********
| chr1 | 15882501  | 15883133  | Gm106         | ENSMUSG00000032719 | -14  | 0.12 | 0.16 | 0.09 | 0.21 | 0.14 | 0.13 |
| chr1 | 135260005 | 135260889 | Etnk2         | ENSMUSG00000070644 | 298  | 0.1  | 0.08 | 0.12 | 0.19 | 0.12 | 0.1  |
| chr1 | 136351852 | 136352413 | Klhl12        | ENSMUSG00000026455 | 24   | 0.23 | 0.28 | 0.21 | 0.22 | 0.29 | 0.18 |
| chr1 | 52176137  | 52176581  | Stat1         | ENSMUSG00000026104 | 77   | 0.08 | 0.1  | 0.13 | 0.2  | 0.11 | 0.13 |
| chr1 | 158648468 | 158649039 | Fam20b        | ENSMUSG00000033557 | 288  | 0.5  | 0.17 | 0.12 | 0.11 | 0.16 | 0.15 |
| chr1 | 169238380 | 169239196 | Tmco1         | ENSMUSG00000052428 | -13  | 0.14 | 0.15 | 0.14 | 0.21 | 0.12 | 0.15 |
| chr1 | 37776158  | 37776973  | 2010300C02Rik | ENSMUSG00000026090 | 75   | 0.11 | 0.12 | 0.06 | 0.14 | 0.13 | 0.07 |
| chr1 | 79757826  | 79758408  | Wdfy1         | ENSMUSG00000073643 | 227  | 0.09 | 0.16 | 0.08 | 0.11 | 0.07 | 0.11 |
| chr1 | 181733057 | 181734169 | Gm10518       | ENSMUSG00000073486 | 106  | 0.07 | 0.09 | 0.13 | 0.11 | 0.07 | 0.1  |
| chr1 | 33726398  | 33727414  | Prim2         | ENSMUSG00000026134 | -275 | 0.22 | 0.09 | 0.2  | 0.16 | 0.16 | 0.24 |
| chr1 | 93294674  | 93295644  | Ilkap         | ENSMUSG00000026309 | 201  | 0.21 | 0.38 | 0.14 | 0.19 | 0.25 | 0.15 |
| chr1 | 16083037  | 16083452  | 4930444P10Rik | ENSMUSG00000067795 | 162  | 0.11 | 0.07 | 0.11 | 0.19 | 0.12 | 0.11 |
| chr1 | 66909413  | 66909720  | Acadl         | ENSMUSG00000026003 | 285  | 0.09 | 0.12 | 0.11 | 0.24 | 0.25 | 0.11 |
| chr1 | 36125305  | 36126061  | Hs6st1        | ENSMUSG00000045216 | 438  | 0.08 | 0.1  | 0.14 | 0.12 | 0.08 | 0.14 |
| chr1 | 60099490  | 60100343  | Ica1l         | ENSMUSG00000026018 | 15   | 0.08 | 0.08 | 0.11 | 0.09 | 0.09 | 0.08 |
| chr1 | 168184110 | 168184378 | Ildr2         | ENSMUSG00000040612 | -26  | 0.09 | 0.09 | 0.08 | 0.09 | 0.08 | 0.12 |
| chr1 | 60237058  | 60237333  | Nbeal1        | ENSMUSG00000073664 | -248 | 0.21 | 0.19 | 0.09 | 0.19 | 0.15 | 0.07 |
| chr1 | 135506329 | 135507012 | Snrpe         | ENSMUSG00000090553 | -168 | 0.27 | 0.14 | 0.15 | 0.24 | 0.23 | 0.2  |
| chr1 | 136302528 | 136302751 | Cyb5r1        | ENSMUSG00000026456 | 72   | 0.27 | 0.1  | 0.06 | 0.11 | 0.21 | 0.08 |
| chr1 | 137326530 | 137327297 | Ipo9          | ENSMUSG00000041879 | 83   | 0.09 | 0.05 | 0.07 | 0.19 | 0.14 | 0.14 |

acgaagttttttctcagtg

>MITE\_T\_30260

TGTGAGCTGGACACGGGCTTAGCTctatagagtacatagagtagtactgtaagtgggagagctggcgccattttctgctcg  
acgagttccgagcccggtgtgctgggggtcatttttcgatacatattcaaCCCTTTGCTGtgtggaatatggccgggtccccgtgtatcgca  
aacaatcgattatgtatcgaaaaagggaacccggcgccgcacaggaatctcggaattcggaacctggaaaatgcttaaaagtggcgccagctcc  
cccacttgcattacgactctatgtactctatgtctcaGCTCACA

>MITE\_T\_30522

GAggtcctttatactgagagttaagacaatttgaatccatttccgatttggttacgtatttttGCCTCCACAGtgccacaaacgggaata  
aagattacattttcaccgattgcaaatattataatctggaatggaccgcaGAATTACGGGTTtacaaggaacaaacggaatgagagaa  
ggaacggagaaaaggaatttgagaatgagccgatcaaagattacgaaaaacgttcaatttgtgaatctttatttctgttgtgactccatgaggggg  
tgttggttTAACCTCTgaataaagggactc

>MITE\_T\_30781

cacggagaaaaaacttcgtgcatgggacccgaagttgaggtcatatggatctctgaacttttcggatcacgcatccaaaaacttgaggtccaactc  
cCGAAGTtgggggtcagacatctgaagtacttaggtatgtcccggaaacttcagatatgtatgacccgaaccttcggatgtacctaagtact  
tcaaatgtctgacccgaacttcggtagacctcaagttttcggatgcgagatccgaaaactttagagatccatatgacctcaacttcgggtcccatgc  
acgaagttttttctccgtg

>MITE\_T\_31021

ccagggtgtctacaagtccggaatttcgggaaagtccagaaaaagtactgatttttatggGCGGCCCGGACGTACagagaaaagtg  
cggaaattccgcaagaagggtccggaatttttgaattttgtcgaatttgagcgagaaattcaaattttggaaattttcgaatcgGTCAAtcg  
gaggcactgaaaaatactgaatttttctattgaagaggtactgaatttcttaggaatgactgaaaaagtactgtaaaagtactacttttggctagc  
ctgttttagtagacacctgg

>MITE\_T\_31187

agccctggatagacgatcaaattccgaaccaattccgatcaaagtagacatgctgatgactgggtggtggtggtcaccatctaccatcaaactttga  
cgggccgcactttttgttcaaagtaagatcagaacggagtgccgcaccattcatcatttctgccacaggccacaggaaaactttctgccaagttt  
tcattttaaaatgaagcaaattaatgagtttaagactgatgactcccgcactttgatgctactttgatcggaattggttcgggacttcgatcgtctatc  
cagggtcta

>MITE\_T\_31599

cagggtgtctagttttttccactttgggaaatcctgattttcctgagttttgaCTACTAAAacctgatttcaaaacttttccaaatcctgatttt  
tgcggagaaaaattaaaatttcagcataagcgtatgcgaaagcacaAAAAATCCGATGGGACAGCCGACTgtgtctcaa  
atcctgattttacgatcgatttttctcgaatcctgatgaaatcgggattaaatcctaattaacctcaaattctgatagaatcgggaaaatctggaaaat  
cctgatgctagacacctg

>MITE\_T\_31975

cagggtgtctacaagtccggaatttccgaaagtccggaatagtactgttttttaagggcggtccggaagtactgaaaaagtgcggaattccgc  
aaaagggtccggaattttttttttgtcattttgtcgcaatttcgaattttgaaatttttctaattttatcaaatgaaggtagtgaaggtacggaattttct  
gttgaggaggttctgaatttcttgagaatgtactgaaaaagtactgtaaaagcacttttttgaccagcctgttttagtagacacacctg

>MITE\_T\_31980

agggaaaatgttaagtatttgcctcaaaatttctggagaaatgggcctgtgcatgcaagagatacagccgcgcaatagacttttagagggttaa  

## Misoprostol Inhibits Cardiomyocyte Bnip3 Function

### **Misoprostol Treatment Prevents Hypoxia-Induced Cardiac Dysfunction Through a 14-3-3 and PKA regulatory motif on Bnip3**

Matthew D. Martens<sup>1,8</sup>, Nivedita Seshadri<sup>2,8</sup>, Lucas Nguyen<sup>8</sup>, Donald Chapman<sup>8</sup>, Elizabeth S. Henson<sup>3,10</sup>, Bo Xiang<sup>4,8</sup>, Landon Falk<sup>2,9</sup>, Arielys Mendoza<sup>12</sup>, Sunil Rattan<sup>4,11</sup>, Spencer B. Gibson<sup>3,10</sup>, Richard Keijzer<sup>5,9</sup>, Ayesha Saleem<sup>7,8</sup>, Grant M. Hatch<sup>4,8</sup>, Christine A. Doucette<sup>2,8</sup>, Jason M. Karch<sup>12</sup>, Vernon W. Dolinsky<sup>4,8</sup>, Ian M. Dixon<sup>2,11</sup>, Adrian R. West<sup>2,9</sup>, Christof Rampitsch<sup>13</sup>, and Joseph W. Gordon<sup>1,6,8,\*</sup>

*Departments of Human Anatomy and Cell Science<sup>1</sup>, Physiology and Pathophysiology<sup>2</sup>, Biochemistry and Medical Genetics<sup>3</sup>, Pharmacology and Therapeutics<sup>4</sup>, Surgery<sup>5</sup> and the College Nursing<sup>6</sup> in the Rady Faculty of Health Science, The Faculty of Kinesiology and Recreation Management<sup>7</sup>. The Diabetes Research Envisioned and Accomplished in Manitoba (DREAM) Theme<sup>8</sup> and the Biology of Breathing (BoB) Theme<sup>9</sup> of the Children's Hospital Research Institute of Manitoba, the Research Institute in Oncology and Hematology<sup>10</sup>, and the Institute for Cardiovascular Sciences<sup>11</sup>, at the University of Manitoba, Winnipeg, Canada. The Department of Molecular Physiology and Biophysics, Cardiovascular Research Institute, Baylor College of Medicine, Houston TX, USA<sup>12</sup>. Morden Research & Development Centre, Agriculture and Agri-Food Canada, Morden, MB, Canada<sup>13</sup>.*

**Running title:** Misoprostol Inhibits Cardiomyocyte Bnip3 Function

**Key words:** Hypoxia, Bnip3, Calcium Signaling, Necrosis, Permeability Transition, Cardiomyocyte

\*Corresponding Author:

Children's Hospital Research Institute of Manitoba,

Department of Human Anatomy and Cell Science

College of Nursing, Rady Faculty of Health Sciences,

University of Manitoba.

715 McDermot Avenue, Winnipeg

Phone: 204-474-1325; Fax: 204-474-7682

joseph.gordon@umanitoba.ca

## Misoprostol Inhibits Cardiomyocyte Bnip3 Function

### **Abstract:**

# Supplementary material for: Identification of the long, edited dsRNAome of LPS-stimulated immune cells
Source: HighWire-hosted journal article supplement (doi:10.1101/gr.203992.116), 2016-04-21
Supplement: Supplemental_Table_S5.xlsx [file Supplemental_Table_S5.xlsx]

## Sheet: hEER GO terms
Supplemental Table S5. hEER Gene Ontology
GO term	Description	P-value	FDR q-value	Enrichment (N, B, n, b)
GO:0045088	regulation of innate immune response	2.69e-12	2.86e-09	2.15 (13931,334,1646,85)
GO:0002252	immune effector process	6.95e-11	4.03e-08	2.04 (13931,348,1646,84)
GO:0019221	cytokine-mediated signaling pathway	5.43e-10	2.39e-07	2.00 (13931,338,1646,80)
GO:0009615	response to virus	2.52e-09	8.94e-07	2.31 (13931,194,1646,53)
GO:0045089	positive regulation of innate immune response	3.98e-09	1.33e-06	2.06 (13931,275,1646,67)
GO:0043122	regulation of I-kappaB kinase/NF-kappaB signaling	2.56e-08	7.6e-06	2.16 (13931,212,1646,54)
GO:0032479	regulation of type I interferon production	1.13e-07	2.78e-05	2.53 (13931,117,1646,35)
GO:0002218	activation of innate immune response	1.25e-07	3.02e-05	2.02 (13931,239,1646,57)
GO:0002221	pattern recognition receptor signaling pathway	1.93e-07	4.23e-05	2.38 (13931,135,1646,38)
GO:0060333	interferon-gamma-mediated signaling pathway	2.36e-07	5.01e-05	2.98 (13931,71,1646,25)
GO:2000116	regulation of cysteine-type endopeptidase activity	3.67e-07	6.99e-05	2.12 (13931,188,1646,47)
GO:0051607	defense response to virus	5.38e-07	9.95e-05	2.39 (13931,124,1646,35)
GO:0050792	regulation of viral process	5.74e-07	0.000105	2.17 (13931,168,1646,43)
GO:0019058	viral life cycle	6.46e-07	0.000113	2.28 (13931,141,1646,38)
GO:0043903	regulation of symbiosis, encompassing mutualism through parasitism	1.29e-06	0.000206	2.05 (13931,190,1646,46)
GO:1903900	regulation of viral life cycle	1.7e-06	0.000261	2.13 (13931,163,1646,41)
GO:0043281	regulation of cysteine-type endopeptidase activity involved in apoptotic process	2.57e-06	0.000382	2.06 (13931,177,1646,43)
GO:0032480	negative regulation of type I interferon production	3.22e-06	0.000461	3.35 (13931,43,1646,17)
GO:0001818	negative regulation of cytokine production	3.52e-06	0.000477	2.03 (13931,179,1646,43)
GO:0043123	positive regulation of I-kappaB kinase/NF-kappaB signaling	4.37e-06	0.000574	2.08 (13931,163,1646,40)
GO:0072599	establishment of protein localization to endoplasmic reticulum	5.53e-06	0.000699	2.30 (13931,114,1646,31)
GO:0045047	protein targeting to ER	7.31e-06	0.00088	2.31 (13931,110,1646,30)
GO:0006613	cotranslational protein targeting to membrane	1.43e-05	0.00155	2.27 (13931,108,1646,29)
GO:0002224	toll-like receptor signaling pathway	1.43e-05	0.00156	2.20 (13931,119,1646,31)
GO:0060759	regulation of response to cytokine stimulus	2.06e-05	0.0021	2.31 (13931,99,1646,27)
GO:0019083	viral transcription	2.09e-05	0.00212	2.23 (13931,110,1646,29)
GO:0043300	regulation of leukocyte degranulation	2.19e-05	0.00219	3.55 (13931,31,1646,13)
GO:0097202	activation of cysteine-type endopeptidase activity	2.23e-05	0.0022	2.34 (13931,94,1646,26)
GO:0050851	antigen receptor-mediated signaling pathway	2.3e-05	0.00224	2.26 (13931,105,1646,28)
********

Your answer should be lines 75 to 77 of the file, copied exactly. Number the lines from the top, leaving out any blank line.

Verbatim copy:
Source: HighWire-hosted journal article supplement (doi:10.1101/gr.203992.116), 2016-04-21
Supplement: Supplemental_Table_S5.xlsx [file Supplemental_Table_S5.xlsx]

## Sheet: hEER GO terms